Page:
Thursday, 6 October 2011

An Inadequate Homage to Steve Jobs

With the death of Steve Jobs yesterday, after a long battle against cancer, an era has come to an end. My sympathies go to his family and friends.

The fact that Steve Jobs started Apple out of his garage in 1976 has become a legend. My personal experience of a borrowed early Apple II in the late 70’s confirmed that I was not destined to write code, but it was a proper piece of kit that could have become the IBM pc of its day.

In the early 80’s he was in charge of the Apple Lisa project, which pioneered the graphical user interface. I saw it at an exhibition and was fascinated by what it could do with windows. It was, however, expensive and the graphics taxed the power of its Motorola 68000 processor. Steve Jobs moved on to head the Macintosh division of Apple and the Mac became the first commercially successful computer with a graphical interface. After he resigned from Apple in 1985, following disagreements with John Sculley CEO, the company continued to sell hardware and ring fenced their operating system.  If at that point, or even earlier, Apple had licensed their operating system to all and sundry, Microsoft and possibly Intel would never have become the dominant forces that they are today.

Following a short pre-Windows spell with pc’s I was an enthusiastic user of Macs for several years in the late 80’s and early 90’s. They were just so much easier to use.  You weren't restricted to eight character filenames and, in a very simple way, you could set up a network and share data.  Even today Windows 7 home networks are still much more complicated to set up than those of the early Macs.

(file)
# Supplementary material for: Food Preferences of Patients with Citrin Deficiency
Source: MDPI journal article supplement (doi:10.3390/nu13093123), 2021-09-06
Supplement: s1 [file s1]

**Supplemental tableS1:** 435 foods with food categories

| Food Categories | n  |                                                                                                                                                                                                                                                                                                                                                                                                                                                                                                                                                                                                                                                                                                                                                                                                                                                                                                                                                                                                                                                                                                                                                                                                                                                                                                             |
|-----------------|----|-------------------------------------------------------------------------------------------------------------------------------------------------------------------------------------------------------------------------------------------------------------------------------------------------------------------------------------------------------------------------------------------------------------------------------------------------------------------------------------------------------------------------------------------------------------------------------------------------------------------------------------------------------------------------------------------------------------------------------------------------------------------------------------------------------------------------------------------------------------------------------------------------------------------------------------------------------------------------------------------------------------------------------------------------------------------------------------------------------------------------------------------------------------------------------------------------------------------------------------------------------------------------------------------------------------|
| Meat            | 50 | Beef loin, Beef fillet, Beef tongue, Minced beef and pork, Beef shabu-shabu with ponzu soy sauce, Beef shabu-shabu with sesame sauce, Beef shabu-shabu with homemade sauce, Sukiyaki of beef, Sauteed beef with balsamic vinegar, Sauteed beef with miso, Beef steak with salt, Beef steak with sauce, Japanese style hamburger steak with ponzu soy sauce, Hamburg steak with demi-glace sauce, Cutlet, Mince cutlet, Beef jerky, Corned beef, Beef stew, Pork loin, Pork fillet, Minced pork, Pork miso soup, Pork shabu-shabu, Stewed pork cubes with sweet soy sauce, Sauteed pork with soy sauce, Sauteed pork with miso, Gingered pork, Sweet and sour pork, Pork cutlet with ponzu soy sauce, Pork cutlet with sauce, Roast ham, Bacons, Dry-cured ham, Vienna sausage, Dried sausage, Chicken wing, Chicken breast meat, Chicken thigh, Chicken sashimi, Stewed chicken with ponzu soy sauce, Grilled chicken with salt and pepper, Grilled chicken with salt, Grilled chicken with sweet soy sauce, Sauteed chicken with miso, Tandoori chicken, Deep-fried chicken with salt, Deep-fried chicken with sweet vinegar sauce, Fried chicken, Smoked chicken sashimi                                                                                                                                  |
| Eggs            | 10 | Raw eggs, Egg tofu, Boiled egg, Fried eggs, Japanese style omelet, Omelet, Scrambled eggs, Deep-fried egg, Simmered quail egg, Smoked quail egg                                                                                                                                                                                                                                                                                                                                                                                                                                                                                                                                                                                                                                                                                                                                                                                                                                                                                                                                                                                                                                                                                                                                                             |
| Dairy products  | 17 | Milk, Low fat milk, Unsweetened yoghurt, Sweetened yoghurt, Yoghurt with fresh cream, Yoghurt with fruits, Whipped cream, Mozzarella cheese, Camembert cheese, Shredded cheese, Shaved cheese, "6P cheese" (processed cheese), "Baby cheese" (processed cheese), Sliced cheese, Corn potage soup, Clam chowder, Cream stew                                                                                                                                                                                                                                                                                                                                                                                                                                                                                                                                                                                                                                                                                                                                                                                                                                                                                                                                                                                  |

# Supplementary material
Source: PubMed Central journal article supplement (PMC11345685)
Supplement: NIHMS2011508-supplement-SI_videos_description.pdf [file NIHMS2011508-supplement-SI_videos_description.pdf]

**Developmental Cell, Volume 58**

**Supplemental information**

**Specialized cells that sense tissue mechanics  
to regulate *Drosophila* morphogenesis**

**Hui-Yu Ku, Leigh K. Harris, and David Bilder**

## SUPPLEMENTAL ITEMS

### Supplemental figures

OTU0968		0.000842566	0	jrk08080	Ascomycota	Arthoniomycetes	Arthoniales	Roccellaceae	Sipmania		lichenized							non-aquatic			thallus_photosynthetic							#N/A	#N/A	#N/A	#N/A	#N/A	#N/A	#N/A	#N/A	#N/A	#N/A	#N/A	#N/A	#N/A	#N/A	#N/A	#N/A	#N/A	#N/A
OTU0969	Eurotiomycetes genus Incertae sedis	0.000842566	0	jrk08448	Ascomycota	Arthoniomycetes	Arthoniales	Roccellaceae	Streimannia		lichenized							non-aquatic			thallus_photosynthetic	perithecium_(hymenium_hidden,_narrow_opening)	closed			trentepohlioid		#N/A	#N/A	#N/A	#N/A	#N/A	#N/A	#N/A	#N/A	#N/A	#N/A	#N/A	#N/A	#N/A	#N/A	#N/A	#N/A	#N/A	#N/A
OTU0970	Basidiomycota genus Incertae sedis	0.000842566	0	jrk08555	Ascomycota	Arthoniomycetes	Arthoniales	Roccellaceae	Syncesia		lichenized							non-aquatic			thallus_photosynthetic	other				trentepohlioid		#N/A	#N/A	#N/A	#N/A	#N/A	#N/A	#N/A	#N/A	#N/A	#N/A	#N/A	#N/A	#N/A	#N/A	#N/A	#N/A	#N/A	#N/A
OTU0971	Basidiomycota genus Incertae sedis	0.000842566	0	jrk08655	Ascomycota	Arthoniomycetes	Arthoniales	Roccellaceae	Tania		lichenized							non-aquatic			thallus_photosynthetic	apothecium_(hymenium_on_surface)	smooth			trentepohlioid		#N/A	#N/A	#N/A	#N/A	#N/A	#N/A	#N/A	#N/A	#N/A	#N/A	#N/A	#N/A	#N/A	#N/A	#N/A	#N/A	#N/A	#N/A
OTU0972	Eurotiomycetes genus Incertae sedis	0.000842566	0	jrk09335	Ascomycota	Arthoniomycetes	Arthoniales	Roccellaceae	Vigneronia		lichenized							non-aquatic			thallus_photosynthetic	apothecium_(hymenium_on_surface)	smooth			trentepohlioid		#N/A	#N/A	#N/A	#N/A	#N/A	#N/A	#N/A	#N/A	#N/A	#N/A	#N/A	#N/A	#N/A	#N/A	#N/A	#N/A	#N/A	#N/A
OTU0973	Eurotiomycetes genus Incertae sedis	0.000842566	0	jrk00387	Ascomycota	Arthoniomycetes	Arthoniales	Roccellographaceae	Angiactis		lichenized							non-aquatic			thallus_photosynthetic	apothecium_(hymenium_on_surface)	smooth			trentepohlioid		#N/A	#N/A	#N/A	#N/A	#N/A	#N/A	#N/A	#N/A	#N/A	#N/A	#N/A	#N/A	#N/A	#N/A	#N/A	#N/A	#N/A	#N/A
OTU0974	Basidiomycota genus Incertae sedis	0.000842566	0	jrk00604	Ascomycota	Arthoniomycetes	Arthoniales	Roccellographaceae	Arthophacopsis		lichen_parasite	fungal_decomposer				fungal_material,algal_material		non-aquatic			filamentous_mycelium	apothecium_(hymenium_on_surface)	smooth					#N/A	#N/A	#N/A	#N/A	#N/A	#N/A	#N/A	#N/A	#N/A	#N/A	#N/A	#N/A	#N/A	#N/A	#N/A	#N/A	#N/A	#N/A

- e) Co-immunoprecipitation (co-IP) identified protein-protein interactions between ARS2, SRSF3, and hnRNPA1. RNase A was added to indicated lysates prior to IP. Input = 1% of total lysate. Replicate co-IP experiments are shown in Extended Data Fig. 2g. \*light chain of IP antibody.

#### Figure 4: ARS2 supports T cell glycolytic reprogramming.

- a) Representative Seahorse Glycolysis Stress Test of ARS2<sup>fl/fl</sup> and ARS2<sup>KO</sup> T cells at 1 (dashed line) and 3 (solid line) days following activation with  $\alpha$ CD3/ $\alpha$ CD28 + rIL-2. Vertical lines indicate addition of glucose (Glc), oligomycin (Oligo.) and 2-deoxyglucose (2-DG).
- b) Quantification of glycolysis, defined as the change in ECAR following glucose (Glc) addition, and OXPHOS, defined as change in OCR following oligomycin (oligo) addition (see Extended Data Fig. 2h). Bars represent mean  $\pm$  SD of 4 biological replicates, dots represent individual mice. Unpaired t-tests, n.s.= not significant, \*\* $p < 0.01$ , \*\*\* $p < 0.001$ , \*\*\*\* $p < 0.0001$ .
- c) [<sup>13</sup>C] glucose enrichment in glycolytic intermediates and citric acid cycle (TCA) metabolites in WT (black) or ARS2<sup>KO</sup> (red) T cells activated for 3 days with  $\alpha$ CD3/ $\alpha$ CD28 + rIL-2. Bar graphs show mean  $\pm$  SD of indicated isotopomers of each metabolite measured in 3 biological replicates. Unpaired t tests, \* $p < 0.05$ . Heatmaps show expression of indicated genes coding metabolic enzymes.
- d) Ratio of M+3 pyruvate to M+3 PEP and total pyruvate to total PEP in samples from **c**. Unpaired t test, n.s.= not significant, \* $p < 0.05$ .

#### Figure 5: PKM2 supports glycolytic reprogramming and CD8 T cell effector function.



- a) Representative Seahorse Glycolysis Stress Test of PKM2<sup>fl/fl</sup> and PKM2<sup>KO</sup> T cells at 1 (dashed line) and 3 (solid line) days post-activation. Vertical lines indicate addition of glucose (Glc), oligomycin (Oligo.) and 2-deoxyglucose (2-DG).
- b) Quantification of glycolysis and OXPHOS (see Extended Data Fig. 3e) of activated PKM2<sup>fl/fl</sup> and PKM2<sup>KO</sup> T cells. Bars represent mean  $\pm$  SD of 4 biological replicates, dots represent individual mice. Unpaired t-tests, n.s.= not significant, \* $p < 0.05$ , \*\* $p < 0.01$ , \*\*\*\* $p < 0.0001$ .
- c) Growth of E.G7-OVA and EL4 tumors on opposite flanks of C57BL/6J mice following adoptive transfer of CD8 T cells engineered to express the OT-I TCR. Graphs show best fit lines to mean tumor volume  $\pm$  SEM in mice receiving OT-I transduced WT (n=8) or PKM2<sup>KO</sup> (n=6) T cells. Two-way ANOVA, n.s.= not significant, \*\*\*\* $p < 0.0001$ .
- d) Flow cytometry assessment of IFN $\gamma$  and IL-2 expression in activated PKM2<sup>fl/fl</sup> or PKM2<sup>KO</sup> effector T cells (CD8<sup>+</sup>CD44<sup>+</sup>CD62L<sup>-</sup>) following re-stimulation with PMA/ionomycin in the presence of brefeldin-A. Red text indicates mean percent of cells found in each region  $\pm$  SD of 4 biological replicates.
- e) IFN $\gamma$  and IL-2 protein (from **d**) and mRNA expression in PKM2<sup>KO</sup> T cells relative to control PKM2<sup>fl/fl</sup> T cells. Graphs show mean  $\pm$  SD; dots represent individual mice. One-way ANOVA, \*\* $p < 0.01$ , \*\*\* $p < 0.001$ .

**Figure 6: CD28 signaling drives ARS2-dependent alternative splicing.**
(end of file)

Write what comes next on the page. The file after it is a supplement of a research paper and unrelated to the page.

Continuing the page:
On changing jobs I went back to pc’s and I've lived with their faults and limitations ever since. Typically I have had to rebuild my 64 bit version of Windows 7 twice in the last six months due to Microsoft’s sloppy testing of its updates.

Steve Jobs came back to Apple as CEO when his company NeXT was bought by them in 1997. This launched the second and most productive phase of his career.  Starting with the iPod and its intuitive touch interface, followed by the iPhone, he led Apple to success after success.

I don’t have a need for either of those consumer orientated items, but I may not be able to resist buying an iPad 2 for long. Of all of Steve Jobs' creations that have changed the world it’s the iPad which might finally persuade me to buy back into Apple technology. Seeing my four year old granddaughter easily use one has convinced me that computing has finally come of age. If it wasn’t for Steve Jobs personal dislike of Flash, which the iPad doesn’t support and which I use occasionally in this blog, I would buy one straight away. Perhaps in time HTML5 will get rid of that issue.

And here is the kernel of my homage, which is incomplete and inadequate because I am not qualified to talk about the personality and character of Steve Jobs. He had an enormous impact on the world of technology. He had an ability to conceive new ideas about the usability of hardware and operating systems, which he combined with an eye for design that was un-matched by anyone else. He was certainly an exceptional visionary.  He also had the means and personal determination to put his concepts into practice, but he was human, and in his second period at Apple he had full control of his creations, so there was always a little quirkiness hiding somewhere amongst the brilliance and perfectionism.

Thank you Steve, rest in peace.


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